“Mr. Sethi are you sure that no ghosts live here? It looks pretty haunted to me. “said Vincent.

“Ha Ha you must be reading a lot of stories by Mr. Bond.”

“Oh Yes I loves his stories. And specially the ghost stories.”

“You must be loving the ghosts too. That’s why you asked if we had company.”

“Well, as long as they are sweet and harmless I don’t mind supernatural attention.”

“By the way he lives close by. His house is opposite Domo’s cafe. It’s called Mint Ivy cottage or something like that. In case you want to knock on the door, I’ve heard he doesn’t like visitors that much.”

Vincent noticed that Mr. Sethi was a bulky man with most things about him being circular right from his puffed cheeks to his round belly. He was wearing suspenders to hold his trousers in place and his shirt must have been bespoke as you don’t get that kind of sizes readily. But with his rimless branded spectacles and colonel moustache he looked quite the elegant moneyed man from Delhi.

“Mr. Vincent you can have a good look at the property. The watchman can give you a tour of the cottage and show you nearby places so you can assess if this would be a good place for your venture”

“Sure. Are you not going to come with us Mr. Sethi?”

“I would have loved to but since I plan to go back to Delhi tonight itself I was thinking of saying hello to some friends here. I thought someone senior will be there for negotiations so I came all the way from Delhi. But never mind I had the pleasure of meeting you.”

“Oh I am sorry to have disappointed you. You can discuss with me, no problem.”

“No, No it’s OK. I will call you once you are back in Mumbai. The deal will take a long time I know it.”

In a very sophisticated manner Sethi had said that he did not want to deal with a rookie like him.Vincent understood and he also knew that he was not the decision maker.

It took them another half an hour to have a good look in and around the place. The property was quite good and if the price was right the company could well give it a thought. Vincent came back to the car and asked Balvinder to take him to the school. Having woken up early in the morning he drifted into a peaceful reverie as soon as the car started moving.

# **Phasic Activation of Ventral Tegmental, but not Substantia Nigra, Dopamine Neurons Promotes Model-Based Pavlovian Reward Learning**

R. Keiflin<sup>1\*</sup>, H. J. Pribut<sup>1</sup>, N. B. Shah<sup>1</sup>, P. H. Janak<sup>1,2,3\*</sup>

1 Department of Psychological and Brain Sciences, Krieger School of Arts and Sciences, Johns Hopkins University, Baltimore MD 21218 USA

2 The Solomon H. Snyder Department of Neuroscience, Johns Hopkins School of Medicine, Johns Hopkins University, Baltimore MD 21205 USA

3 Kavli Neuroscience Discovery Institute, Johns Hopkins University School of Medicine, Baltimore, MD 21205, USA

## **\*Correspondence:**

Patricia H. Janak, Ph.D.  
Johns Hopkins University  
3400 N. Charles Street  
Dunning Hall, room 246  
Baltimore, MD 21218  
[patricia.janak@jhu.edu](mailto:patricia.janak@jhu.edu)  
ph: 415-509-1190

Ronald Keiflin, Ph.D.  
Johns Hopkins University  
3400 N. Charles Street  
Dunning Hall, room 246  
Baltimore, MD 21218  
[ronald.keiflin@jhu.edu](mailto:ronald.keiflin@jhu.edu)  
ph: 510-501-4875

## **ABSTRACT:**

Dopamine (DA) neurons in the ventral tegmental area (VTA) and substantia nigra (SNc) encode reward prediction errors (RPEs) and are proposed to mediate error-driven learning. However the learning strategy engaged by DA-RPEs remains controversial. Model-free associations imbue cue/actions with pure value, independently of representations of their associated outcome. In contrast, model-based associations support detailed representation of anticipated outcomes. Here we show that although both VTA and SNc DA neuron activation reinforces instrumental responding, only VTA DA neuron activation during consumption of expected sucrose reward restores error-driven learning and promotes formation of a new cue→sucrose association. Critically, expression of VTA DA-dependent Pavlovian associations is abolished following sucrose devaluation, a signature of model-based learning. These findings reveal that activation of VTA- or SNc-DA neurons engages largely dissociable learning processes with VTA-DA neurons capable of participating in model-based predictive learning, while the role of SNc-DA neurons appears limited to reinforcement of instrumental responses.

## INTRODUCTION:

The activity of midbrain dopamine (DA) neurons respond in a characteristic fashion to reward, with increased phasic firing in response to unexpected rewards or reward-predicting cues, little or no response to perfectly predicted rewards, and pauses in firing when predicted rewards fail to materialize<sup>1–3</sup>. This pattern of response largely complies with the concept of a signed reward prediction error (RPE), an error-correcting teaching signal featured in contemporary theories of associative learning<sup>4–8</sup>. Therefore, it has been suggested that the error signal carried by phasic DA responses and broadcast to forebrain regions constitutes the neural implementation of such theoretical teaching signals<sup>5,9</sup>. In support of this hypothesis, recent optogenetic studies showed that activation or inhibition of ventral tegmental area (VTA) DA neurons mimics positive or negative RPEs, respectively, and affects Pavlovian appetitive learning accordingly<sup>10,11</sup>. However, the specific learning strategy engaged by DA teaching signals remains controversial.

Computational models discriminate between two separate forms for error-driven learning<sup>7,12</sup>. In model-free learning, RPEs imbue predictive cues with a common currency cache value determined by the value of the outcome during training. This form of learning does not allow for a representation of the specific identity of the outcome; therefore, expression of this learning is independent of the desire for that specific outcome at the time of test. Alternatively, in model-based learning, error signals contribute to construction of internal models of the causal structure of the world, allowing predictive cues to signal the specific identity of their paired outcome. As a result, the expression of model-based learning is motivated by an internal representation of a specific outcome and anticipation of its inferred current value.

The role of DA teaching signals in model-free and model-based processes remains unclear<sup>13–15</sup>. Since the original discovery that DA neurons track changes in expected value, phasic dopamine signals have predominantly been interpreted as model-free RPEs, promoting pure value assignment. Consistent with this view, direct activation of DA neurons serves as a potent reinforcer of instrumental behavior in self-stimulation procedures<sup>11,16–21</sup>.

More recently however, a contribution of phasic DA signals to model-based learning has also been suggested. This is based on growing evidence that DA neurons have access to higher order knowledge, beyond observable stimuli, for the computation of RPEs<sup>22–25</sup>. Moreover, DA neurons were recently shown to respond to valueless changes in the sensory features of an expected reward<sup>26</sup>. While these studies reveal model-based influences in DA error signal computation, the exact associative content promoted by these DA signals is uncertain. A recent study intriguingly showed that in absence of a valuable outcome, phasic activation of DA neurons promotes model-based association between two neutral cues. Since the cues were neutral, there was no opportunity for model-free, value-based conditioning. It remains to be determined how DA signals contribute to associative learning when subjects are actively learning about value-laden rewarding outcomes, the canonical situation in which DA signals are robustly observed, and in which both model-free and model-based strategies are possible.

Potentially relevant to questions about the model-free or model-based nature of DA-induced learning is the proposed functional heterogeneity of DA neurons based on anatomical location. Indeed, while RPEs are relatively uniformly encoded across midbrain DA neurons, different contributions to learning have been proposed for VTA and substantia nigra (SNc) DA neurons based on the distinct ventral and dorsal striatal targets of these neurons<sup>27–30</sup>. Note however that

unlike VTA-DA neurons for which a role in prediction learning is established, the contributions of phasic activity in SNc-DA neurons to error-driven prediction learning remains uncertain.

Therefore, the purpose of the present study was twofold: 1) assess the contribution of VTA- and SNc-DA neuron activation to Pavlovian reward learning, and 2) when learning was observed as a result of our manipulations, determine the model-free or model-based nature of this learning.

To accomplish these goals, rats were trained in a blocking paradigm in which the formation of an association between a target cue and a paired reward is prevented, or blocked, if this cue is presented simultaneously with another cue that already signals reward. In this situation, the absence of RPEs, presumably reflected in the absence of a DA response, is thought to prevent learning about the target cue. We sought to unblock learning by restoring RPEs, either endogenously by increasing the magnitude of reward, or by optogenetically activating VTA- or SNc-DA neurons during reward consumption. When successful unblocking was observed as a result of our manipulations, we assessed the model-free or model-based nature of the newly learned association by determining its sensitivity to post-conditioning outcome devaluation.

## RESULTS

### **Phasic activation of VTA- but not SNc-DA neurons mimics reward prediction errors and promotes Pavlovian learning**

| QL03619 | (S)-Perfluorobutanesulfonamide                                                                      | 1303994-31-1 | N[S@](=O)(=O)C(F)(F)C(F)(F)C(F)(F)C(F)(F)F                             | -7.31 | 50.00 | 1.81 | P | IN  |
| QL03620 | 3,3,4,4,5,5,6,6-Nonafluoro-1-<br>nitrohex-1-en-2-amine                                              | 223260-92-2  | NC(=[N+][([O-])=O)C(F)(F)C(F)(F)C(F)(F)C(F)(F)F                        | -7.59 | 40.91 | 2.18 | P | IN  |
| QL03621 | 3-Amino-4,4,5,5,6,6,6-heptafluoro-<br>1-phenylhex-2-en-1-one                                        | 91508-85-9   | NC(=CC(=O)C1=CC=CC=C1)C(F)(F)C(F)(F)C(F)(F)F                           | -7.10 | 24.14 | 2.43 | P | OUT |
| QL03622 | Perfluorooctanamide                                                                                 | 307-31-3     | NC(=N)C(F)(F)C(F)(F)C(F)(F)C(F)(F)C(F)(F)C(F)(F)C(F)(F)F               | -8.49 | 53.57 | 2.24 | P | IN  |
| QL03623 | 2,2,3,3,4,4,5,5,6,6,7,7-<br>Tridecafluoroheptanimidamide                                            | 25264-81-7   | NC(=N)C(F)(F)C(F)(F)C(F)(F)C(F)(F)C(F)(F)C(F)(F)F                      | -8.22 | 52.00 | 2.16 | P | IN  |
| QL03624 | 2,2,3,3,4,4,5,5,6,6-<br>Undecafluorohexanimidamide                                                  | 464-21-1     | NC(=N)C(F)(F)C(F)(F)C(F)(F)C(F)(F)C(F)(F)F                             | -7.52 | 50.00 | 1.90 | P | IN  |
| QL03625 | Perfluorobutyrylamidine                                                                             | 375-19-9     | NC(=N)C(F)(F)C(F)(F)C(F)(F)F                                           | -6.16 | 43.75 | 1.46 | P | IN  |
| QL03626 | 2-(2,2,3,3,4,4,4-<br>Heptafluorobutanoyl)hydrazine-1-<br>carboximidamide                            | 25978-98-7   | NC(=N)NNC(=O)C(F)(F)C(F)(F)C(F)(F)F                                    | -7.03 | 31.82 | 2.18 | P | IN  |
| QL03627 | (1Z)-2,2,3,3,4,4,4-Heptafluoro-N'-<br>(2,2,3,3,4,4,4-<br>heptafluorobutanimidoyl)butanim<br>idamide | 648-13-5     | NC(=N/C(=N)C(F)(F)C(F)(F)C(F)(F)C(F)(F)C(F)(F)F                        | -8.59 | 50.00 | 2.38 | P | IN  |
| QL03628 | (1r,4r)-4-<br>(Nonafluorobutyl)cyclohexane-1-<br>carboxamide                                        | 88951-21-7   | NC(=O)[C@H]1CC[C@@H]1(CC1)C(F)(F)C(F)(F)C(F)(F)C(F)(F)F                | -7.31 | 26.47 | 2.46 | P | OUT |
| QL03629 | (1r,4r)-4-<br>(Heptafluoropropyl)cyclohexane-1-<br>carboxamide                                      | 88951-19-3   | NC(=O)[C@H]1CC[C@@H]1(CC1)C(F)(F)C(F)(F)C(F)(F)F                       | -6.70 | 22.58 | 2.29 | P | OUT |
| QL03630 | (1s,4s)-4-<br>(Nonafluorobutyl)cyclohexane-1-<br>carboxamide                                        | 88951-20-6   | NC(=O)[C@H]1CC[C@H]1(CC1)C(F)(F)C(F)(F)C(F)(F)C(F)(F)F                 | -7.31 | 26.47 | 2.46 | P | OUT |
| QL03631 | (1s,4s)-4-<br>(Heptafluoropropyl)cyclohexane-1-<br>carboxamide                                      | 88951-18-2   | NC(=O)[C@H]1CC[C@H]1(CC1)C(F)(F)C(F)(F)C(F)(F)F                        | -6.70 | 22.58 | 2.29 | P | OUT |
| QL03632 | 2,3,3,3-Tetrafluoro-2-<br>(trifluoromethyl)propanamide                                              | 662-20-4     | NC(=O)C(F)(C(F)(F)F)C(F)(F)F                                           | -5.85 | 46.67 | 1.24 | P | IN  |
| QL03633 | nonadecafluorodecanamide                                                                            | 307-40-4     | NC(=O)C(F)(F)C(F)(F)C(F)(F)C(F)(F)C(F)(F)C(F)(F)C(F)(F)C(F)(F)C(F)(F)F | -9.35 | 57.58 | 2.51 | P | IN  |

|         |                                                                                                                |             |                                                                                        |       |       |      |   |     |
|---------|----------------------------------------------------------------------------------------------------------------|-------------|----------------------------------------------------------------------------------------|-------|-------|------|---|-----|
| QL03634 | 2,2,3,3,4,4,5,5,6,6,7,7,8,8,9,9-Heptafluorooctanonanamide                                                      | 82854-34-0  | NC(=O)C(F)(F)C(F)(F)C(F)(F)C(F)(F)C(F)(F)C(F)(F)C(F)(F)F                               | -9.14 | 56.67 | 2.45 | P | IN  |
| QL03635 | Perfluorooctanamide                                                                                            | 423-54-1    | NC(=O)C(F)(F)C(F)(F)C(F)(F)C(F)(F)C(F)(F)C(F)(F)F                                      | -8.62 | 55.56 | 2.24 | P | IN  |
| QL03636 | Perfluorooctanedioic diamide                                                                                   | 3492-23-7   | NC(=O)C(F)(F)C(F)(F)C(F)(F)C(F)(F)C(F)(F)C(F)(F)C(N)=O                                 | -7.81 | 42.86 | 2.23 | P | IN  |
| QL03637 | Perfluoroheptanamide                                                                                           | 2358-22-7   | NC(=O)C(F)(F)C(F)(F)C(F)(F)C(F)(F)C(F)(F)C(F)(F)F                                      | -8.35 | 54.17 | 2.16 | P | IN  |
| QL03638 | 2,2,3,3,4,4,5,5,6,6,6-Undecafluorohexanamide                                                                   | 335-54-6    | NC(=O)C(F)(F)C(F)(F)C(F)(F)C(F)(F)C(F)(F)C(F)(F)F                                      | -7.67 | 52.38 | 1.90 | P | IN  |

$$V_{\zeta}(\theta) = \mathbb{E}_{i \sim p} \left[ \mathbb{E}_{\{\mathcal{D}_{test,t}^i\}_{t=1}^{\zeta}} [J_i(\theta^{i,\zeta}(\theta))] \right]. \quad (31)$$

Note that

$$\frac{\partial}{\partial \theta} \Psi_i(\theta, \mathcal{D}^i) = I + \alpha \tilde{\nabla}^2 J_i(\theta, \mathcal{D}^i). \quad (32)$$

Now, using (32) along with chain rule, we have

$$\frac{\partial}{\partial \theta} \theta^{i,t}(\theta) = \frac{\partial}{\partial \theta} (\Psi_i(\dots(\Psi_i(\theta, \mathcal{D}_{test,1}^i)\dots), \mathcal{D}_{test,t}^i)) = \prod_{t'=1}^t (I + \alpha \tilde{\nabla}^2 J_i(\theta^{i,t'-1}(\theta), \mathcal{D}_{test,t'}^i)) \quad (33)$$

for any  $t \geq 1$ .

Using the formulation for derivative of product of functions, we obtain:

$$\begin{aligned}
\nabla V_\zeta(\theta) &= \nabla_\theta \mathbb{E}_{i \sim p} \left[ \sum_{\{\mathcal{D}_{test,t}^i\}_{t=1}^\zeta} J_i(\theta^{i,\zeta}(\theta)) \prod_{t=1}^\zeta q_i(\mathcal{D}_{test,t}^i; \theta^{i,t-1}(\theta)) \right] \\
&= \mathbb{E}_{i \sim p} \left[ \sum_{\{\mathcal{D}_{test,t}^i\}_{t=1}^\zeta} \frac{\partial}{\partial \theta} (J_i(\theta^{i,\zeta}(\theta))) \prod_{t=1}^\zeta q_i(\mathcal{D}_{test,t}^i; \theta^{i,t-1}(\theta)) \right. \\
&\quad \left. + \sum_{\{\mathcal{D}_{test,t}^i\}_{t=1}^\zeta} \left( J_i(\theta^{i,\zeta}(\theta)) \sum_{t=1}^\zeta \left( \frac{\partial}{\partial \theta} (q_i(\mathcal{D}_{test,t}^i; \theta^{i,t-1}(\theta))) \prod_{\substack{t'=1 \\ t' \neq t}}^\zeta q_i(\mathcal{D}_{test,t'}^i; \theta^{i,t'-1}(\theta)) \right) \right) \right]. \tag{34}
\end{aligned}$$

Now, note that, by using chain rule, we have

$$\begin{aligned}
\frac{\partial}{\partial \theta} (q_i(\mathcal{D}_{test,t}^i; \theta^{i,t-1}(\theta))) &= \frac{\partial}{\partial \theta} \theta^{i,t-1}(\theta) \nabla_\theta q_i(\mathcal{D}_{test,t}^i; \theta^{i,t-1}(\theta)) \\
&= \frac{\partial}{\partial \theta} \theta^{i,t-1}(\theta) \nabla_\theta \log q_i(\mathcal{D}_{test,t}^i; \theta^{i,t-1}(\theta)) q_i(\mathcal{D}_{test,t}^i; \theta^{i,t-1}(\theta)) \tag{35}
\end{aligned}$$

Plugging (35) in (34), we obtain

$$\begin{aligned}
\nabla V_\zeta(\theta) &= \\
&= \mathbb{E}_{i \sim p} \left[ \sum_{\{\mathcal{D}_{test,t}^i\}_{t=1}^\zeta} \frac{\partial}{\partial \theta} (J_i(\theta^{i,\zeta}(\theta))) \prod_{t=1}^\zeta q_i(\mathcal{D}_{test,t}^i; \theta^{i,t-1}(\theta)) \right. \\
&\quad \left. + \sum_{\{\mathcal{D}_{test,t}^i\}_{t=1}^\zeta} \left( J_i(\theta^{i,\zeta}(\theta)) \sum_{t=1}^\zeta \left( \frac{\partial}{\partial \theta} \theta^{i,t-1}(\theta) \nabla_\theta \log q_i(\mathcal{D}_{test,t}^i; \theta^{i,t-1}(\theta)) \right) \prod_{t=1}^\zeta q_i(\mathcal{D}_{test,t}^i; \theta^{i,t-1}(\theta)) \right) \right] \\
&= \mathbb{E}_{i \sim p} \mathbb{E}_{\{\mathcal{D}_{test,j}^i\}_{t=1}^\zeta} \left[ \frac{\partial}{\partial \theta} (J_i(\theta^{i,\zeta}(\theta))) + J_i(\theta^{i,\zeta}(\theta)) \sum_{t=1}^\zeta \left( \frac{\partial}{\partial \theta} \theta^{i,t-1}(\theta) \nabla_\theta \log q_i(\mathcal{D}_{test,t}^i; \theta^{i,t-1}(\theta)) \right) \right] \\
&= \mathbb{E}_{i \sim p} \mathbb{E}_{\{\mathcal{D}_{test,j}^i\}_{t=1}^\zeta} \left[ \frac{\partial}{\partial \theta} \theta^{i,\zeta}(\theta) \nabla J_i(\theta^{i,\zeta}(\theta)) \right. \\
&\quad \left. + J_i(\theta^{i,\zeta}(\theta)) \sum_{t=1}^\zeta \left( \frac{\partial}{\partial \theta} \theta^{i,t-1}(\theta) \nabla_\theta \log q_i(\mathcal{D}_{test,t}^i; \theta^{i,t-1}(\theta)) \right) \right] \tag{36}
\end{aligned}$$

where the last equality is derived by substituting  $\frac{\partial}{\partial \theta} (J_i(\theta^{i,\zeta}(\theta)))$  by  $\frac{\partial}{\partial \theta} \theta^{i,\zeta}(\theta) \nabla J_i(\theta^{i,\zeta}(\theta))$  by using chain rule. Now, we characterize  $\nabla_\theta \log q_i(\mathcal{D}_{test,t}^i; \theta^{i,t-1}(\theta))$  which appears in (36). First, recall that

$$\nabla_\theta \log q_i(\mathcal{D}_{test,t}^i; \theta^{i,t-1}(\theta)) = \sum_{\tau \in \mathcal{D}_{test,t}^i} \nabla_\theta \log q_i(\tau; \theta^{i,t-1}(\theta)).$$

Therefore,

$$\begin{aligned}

After about an hour Vincent was woken up by a sudden halt of the ambassador. When he opened his eyes he saw that Balvinder was looking a bit puzzled.

Vincent asked him “Are you not able to find the Seven Hills School?.”

With a lost look on his face Balvinder replied “It should have been here”.

Vincent got a little edgy “What do you mean- It should have been here! Are you sure we are on  the correct route”.

Balvinder explained that he had never been to the school himself but had heard about it so he did not know exactly where it was although he had an idea. He started looking for someone to ask for directions when they saw a man in his thirties approaching them. He stopped and parked his bike next to the cab and looked at the driver. He had a friendly smile on his face but it looked like he was from a bygone era – as if someone had applied a nostalgia filter on him. He was wearing Khaki trousers with a loose fitting white linen shirt and was sporting a leather messenger bag which looked more like a fashion accessory than actually something of use. He had brown Gumboots in which he had his trousers tucked in. His bike was a 1956 Matchless in faded military green color but was shining and very well maintained considering that it had been in use for about 50 years now. Interestingly, the man looked quite familiar to Vincent but as no one from his family had visited Mussoorie for decades now, they had to be perfect strangers.

“Are you looking for Seven Hills School?” The man on the bike asked Balvinder glancing over Vincent.

“Yes, but how do you know?”

“If you would ask me the directions to the Mount Everest I won’t be able help you my friend. Seven hills is the only place you have in 5 miles in any direction so I guessed.”

The conversation was getting curious. Vincent jumped out of the ambassador and shook hands with the man on the Bike.

“Hi, I am Vincent Golmes. I would like to visit Seven Hills school.”